Sandhill Trek Interview:  Ryan Irelan…

Sandhill Trek Interview:  Ryan Irelan… Becoming

A few weeks ago, Ryan Irelan wondered when there would be another Sandhill Trek interview. I asked him if he’d like to be the subject. “Only if I can write it off as a business expense,” he said.

“That would be between you, your conscience and the Internal Revenue Circus. We are, after all, professionals,”

I replied.

“Alright, Frank. I’m only doing it as a major publicity stunt (that and because you linked to my cat)… I’m unemployed, so I have nothing but time.”

And we were off and running.

Sandhill Trek:

On April 28th Steve Jobs quoted Hunter S. Thompson as follows, “The music business is a cruel and shallow money trench, a long plastic hallway where thieves and pimps run free and good men die like dogs. There’s also a negative side.”

I understand people are lining up to trade little green pictures of George Washington for bits that when properly rendered sound a lot like music. Was Jobs trying to be funny do you think, or was he just telling it like it is?

Ryan Irelan:

There’s nothing funny about the music business. But I am sure I do not have to convince anyone of this. DRM and the alienation of customers by the RIAA is enough. The “war on piracy” and the other doings of the RIAA only scratch the surface of a severely corrupt and wretched industry.

I have had some very good friends get baited, hooked and clubbed by the music biz. They worked hard to make it and eventually signed a record deal with Elektra Records. A bundle of money was thrown at them and they lived the hard, edgy rock ‘n’ roll lifestyle. While they were never really required to repay the money the record company advanced them, it wasn’t for free. They, much like hookers, gave up a bit of their freedom to the record company, the pimps, with great hope of making it “big time.”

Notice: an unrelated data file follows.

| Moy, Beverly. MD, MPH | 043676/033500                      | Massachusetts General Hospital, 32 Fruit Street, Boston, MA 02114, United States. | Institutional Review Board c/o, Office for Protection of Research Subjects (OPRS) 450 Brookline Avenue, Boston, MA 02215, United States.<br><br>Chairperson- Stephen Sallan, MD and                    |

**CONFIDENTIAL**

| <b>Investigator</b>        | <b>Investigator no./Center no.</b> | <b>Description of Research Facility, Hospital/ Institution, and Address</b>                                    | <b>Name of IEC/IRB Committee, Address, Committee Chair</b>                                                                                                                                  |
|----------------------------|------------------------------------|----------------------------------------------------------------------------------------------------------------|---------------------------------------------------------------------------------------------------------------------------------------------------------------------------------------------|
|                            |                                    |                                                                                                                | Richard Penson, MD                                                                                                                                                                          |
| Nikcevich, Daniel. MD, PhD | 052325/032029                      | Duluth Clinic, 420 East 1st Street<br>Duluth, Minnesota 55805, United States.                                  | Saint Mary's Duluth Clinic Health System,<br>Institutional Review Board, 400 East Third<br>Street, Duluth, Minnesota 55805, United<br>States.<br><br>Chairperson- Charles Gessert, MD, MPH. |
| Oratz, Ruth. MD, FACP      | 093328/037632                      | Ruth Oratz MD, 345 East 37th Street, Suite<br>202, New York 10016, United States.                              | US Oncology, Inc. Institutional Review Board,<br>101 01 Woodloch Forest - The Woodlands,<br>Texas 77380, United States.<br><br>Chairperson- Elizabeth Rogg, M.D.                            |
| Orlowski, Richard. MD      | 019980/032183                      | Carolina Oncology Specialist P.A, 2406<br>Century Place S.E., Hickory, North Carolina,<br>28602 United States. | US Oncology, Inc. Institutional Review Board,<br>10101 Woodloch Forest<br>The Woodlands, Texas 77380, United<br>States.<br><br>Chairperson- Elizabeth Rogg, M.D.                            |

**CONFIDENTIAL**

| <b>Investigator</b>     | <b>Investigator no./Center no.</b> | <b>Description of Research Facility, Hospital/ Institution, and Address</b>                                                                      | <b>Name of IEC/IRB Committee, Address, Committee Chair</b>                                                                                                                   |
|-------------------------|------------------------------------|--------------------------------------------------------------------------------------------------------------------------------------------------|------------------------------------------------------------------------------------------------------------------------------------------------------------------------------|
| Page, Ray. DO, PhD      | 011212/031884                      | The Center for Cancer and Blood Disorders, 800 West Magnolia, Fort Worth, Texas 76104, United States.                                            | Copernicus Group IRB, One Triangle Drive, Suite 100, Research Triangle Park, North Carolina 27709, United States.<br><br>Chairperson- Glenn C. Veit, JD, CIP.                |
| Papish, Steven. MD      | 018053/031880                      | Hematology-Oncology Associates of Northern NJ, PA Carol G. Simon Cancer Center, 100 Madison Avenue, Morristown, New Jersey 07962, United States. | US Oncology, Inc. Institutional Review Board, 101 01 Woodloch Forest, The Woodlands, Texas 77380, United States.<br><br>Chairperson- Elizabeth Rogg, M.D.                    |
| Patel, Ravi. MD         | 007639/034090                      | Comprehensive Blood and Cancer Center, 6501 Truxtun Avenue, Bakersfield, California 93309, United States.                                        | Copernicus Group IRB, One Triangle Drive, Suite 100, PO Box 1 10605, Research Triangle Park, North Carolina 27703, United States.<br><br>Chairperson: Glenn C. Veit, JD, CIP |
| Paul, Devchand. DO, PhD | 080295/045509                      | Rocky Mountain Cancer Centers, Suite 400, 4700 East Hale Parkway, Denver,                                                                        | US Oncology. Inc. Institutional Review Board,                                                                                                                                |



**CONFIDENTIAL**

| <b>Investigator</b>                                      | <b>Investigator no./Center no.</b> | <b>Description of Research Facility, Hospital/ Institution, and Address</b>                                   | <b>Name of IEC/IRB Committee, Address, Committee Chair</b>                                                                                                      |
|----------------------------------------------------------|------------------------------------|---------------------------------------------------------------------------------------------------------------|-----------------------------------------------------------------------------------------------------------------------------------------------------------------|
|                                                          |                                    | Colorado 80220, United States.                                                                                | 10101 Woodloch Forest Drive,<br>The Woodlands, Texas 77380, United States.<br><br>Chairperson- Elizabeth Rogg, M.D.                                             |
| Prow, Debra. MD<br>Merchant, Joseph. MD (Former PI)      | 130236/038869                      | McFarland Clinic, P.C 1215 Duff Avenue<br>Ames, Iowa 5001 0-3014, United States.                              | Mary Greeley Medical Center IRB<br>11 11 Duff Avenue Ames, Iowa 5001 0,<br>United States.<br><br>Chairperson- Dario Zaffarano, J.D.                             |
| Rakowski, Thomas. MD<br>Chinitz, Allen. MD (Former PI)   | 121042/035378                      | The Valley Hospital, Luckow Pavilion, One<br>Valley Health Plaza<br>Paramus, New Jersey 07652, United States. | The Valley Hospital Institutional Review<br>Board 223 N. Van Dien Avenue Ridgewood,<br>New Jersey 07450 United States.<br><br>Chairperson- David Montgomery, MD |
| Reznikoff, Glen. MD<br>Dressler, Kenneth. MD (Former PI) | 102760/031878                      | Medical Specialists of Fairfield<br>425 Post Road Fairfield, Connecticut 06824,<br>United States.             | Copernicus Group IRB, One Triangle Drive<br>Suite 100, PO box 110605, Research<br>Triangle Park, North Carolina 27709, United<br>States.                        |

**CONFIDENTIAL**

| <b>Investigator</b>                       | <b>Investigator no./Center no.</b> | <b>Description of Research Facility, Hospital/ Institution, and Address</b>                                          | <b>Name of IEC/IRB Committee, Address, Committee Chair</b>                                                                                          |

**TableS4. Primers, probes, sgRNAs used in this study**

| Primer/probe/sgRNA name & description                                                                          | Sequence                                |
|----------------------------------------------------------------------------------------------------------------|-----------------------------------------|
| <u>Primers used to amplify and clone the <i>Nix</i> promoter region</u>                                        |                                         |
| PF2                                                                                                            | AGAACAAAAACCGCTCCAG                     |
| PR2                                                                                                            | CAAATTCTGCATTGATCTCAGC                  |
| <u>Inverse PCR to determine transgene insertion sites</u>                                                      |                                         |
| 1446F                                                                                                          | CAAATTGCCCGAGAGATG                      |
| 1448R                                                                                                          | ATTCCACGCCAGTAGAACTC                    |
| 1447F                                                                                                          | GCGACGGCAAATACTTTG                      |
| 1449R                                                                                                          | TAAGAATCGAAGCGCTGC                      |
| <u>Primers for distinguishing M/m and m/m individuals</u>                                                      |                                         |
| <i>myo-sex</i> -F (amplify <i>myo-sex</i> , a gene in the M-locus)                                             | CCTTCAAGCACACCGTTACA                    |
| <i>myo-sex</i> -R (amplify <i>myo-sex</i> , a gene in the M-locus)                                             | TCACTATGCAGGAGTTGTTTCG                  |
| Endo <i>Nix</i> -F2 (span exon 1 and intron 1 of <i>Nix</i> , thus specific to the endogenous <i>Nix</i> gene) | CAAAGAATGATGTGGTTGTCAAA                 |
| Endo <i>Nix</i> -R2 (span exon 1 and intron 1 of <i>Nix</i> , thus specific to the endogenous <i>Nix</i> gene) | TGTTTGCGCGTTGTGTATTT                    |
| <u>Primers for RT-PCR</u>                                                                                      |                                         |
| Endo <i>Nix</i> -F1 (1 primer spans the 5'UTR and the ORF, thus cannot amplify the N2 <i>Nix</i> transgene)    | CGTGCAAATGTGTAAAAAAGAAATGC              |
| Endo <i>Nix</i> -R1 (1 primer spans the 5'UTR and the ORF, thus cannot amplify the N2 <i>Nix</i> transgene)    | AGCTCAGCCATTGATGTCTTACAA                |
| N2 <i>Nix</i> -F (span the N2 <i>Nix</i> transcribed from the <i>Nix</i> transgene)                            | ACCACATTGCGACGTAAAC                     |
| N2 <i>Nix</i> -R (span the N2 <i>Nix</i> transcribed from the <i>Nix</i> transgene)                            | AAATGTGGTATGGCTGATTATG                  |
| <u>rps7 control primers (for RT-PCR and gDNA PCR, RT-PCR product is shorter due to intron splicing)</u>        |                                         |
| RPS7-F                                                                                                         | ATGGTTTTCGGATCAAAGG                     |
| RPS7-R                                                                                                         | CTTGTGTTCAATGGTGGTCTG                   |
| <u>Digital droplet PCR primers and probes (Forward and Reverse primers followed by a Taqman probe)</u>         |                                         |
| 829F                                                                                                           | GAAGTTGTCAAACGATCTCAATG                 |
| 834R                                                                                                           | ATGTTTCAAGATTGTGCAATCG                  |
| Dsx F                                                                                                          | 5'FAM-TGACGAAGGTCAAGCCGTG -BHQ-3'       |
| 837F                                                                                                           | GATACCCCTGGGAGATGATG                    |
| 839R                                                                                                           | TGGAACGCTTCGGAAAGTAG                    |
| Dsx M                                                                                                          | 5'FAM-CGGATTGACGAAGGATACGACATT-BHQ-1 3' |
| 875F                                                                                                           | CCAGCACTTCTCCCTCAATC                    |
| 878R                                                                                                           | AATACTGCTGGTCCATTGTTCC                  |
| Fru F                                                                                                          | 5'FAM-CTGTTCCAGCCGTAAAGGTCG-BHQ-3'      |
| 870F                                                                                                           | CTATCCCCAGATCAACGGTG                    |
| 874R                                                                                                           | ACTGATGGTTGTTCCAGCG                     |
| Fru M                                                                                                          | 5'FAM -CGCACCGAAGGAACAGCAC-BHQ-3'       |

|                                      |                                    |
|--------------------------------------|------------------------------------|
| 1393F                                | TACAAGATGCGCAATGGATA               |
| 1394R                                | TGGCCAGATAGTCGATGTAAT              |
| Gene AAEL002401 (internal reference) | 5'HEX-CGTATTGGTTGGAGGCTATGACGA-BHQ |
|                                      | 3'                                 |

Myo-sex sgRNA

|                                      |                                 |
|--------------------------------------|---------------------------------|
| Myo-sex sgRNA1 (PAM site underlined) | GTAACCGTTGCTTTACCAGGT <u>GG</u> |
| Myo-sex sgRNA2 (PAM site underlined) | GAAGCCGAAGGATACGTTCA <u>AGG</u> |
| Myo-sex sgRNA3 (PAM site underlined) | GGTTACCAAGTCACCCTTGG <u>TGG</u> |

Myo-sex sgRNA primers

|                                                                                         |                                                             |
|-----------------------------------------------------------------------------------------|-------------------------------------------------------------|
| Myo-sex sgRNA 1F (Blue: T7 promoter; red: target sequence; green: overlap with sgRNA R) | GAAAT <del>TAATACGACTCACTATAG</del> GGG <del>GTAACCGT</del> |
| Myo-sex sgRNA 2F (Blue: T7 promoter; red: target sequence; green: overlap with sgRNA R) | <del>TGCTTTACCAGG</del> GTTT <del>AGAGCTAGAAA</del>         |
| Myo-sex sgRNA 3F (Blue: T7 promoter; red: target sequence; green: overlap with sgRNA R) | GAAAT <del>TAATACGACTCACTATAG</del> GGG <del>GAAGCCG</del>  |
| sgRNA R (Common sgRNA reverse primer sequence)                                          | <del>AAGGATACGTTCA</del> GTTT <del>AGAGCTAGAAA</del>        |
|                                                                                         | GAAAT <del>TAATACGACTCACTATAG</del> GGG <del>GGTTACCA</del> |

I’ve been pimped out myself. In between my first stint at college and my time in Germany I worked as a sound engineer for a few local bands, some of which were signed to an indie label. The label folks always stalled on paying me for my work, holding the metaphorical carrot in front of my face, wanting me to sacrifice for the good of the band, which would ultimately “benefit” me (Side note: it never did). I cannot even count how many times I worked for free; sometimes it even cost me money. I often traveled at my cost, many times not even receiving a per diem to cover my meals. One trip to SXSW cost me hundreds of dollars. Sure, I was dumb. But I was also young and willing to take a risk. That’s where they get you, in your youth.

(But a few of those risks also brought some unique opportunities. Most notably the time I met D.J. Fontana and Scotty Moore, the original drummer and guitarist for Elvis. I will never forget sitting in the dark, plush control room of a Nashville studio watching Scotty Moore play the historical guitar lick from Heartbreak Hotel. Only earlier to have listened to D.J Fontana, during an interview with a reporter from Drummer Magazine, tell hilarious stories about Elvis. It was amazing.)